Elements of Quality Writing for the Web, Part 3: What Google Says (and Bing, too!)
I don't normally go in for reading updates and guidelines from Google. To me, it's all Pythian prophecy: half-truths and vagaries designed as much to control as to inform. So I generally leave that to our Search Engine Specialists and focus on one central principle. Google has stated that its goal is create a search engine that ranks sites the way a human would, given time enough to consider all the relevant factors. I write primarily for my human audience, which will be the subject of the next blog.
But it would be a mistake to ignore Google's prophecies altogether. After all, one does not want to risk the wrath of Apollo. So let's take a look at what Google says about quality.
First, in the Design and content guidelines, we find this:
- Create a useful, information-rich site, and write pages that clearly and accurately describe your content.
- Think about the words users would type to find your pages, and make sure that your site actually includes those words within it.
Sufficiently vague, but it includes a few hints. Good writing is "information-rich" and both clear and accurate. It also tells us that if we are trying to target particular keywords, we should write content that includes those words.
A little bit further on, in Quality guidelines, they add: "Make pages primarily for users, not search engines." This reaffirms the basic principle that our main audience should be the human one.
There are a few blog entries with general nods toward the notion of content and quality, including the idea that websites should be designed to put content "above the fold." But the most straightforward guidance on quality writing came after their Panda algorithm change.
Specific Guidelines Related to Panda
In More Guidance on Building High Quality Sites, Amit Singhal, Google Fellow, offers more than a score of questions to ask about the quality of a site. Here are ten important ones:
- Would you trust the information presented in this article?
- Is this article written by an expert or enthusiast who knows the topic well, or is it more shallow in nature?
- Does the site have duplicate, overlapping, or redundant articles on the same or similar topics with slightly different keyword variations?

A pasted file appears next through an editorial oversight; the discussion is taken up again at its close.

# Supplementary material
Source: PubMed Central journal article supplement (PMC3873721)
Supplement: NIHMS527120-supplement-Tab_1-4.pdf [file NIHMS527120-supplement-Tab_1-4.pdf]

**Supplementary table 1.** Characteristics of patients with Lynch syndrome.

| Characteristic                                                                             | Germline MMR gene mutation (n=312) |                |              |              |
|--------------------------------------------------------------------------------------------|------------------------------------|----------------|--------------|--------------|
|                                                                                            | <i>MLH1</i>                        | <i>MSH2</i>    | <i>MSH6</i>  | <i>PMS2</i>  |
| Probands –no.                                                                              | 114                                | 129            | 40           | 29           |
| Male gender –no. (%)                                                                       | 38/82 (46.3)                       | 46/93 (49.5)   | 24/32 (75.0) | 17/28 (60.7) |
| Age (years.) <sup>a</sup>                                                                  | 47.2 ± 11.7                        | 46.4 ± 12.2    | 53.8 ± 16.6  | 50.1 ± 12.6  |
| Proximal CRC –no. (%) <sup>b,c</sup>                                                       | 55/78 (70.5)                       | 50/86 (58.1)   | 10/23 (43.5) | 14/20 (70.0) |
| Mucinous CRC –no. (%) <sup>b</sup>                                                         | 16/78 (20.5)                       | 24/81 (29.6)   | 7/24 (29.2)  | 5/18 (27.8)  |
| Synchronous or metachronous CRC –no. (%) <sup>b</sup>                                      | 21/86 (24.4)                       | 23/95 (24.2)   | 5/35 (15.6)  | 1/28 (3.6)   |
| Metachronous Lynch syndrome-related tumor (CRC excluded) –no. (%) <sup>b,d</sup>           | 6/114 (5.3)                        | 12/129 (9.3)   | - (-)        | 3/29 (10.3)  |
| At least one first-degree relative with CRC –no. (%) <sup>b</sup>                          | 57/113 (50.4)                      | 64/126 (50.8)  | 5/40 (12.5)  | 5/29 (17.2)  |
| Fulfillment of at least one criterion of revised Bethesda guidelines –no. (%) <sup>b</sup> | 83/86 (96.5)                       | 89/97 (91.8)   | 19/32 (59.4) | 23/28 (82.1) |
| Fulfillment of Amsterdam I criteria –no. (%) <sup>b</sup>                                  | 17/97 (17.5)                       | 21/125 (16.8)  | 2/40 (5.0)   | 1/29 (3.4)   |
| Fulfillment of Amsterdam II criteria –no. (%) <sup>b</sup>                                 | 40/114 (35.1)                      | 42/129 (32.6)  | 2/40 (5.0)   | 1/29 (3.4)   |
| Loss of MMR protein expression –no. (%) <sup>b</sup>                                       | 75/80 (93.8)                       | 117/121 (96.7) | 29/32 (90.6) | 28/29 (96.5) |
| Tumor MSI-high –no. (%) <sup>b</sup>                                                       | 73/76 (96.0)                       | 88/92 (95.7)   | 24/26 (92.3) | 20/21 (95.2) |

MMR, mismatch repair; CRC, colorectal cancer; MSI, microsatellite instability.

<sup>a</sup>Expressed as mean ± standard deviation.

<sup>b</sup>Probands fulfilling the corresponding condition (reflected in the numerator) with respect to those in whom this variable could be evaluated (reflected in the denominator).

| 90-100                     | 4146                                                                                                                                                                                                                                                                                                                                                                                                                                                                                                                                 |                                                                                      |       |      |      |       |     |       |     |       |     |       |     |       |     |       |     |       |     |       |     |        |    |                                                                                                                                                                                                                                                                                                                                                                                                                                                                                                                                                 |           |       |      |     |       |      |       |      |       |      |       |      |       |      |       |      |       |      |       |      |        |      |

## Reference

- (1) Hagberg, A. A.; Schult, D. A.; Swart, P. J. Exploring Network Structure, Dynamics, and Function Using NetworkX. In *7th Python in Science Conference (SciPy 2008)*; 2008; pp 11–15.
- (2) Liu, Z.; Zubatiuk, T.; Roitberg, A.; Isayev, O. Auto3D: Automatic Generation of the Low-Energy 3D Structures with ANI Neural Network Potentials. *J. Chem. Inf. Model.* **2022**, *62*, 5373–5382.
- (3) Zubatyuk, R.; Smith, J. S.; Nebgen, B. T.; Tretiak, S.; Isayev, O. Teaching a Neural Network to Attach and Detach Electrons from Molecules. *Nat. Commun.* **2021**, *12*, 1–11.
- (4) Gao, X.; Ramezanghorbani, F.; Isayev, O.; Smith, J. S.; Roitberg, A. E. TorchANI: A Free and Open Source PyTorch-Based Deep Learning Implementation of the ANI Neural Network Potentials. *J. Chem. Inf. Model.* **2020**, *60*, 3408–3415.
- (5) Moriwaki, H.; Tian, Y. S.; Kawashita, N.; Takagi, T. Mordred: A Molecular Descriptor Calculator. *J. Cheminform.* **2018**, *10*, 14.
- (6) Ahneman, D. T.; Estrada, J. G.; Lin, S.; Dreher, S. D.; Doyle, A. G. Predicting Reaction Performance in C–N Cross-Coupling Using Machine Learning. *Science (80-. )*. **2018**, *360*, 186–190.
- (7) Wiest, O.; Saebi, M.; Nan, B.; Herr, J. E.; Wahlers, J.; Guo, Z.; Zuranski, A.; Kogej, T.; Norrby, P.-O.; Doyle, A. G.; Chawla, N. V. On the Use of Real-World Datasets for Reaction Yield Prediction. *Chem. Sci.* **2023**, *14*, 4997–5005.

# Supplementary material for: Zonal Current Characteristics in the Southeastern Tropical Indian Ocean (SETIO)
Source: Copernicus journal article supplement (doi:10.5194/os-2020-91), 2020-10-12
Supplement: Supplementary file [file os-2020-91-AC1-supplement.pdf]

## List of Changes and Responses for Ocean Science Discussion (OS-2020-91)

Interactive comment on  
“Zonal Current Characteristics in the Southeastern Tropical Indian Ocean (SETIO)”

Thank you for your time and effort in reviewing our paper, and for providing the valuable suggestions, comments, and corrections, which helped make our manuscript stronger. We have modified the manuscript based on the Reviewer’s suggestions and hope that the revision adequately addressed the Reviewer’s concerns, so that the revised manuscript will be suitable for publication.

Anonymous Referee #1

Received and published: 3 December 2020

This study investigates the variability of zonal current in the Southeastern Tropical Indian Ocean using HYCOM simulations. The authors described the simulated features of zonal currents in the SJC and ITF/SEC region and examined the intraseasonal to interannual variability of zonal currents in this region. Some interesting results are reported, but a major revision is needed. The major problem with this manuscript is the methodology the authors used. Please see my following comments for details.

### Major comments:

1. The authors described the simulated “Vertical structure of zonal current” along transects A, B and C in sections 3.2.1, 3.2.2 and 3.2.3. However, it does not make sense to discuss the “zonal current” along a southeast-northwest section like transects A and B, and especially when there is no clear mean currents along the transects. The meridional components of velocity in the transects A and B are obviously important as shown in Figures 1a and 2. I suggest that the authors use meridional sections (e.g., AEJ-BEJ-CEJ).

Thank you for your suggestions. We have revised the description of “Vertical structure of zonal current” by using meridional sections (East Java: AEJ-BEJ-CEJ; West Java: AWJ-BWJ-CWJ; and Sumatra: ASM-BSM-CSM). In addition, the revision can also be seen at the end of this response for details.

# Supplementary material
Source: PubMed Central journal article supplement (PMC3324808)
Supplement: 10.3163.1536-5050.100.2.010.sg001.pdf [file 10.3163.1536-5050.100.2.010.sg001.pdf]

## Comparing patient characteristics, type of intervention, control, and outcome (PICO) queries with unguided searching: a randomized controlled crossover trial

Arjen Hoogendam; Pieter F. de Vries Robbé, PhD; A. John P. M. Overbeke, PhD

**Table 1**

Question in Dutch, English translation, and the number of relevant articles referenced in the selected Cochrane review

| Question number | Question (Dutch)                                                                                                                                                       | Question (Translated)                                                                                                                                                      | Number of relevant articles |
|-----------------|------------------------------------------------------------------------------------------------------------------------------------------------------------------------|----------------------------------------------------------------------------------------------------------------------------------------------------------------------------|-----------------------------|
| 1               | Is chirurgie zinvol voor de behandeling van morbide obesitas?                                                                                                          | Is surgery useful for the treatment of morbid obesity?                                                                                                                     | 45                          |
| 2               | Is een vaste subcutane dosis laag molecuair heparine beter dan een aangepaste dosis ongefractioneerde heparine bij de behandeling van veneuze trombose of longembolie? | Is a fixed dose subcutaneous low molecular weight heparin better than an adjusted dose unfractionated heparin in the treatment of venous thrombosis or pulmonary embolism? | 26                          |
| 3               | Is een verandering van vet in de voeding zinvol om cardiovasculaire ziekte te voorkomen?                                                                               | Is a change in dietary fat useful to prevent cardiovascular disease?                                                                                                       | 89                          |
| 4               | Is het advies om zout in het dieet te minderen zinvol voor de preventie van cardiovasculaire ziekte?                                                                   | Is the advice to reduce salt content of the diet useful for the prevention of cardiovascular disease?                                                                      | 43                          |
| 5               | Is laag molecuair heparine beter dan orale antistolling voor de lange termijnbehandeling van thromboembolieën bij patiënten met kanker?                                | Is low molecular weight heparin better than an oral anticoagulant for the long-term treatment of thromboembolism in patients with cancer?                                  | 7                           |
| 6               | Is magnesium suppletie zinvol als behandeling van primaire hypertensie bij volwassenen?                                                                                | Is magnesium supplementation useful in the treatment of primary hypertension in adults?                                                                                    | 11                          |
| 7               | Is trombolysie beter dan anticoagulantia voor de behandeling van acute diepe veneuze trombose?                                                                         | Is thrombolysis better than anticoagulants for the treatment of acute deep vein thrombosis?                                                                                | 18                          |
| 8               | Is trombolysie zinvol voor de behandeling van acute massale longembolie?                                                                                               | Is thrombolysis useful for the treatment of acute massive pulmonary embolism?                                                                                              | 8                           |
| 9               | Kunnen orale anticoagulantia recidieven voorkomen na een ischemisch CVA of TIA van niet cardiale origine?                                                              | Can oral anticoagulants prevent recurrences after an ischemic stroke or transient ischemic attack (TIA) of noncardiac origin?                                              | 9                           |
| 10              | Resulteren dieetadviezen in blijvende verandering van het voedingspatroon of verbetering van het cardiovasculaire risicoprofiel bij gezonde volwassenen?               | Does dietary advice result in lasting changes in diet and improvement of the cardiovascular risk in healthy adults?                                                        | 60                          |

- Does this article have spelling, stylistic, or factual errors?
- Does the article provide original content or information, original reporting, original research, or original analysis?
- Does the article describe both sides of a story?
- Is the content mass-produced by or outsourced to a large number of creators, or spread across a large network of sites, so that individual pages or sites don’t get as much attention or care?
- Does this article contain insightful analysis or interesting information that is beyond obvious?
- Are the articles short, unsubstantial, or otherwise lacking in helpful specifics?
- Are the pages produced with great care and attention to detail vs. less attention to detail?
Based on these questions, specific benchmarks for quality include:
- Depth of coverage, including specific details and examples
- Freedom from grammar and spelling errors
- Factual accuracy
- Comprehensive coverage, including addressing of multiple viewpoints
- Originality and insight
- Page length
In addition to these specific guidelines, there is an overall emphasis on content that is produced out of love for the subject and love for writing. The questions are shot through with words like "care," "attention," "interest," and "enthusia[sm]." The engagement of the writer in the content seems to be a central focus here at least, and the goal is to separate content written by writers-for-hire from content written by people who are genuinely invested in what they write.
What about Bing?
It was a little bit harder finding quality guidelines from Bing:
Just kidding. In fact, Bing has some pretty specific articles about writing quality content that supports optimization. These are a little wordy and in their way even less clear about some things than Google, but there is still some valuable advice.
Architecting Content for SEO gives both sitewide and page-level hints. Most are directed at optimization, but some speak directly to the reader experience. It includes some of the same advice as Google, such as "Avoid redundant content between pages," and "Don't use hidden text or links."
Other pieces of insight include: "Make page copy actionable and unique," which means always writing in reference to the reader and making your content interesting and "give your readers something they can do," which is very much in line with Bing's schtick as the search engine for people who are acting, not researching.
Are You Content with Your Content? has a more page-level focus. Here is what it says about making your content better.
Fix simple problems, which includes spell checking and removing grammatical errors. It gives this advice for bad writers: "consider investing in the services of a professional editor for a thorough review of your site’s text. While you might get a 12-year-old kid to work for free to fix your iTunes connection, you’ll want more qualified help for this. Don’t pinch your pennies here -- this is valuable work."
It also tells people to make sure the content "include[s] clear expressions of your site's goals."
Then: "Most importantly," it says, "show off your expertise in your subject area." Content should be "interesting and informative," and "regularly refreshed."
Self Promotion: Bing also reminds us that sharing content in social media, linking to it with press releases, and writing articles for publication all support your content.
Bing sums up the emphasis on content: "The greats pay attention to their website content. They build it over time, keeping it fresh and insightful. They know that new, expert content will draw new, and more importantly, repeat visitors to their authority sites."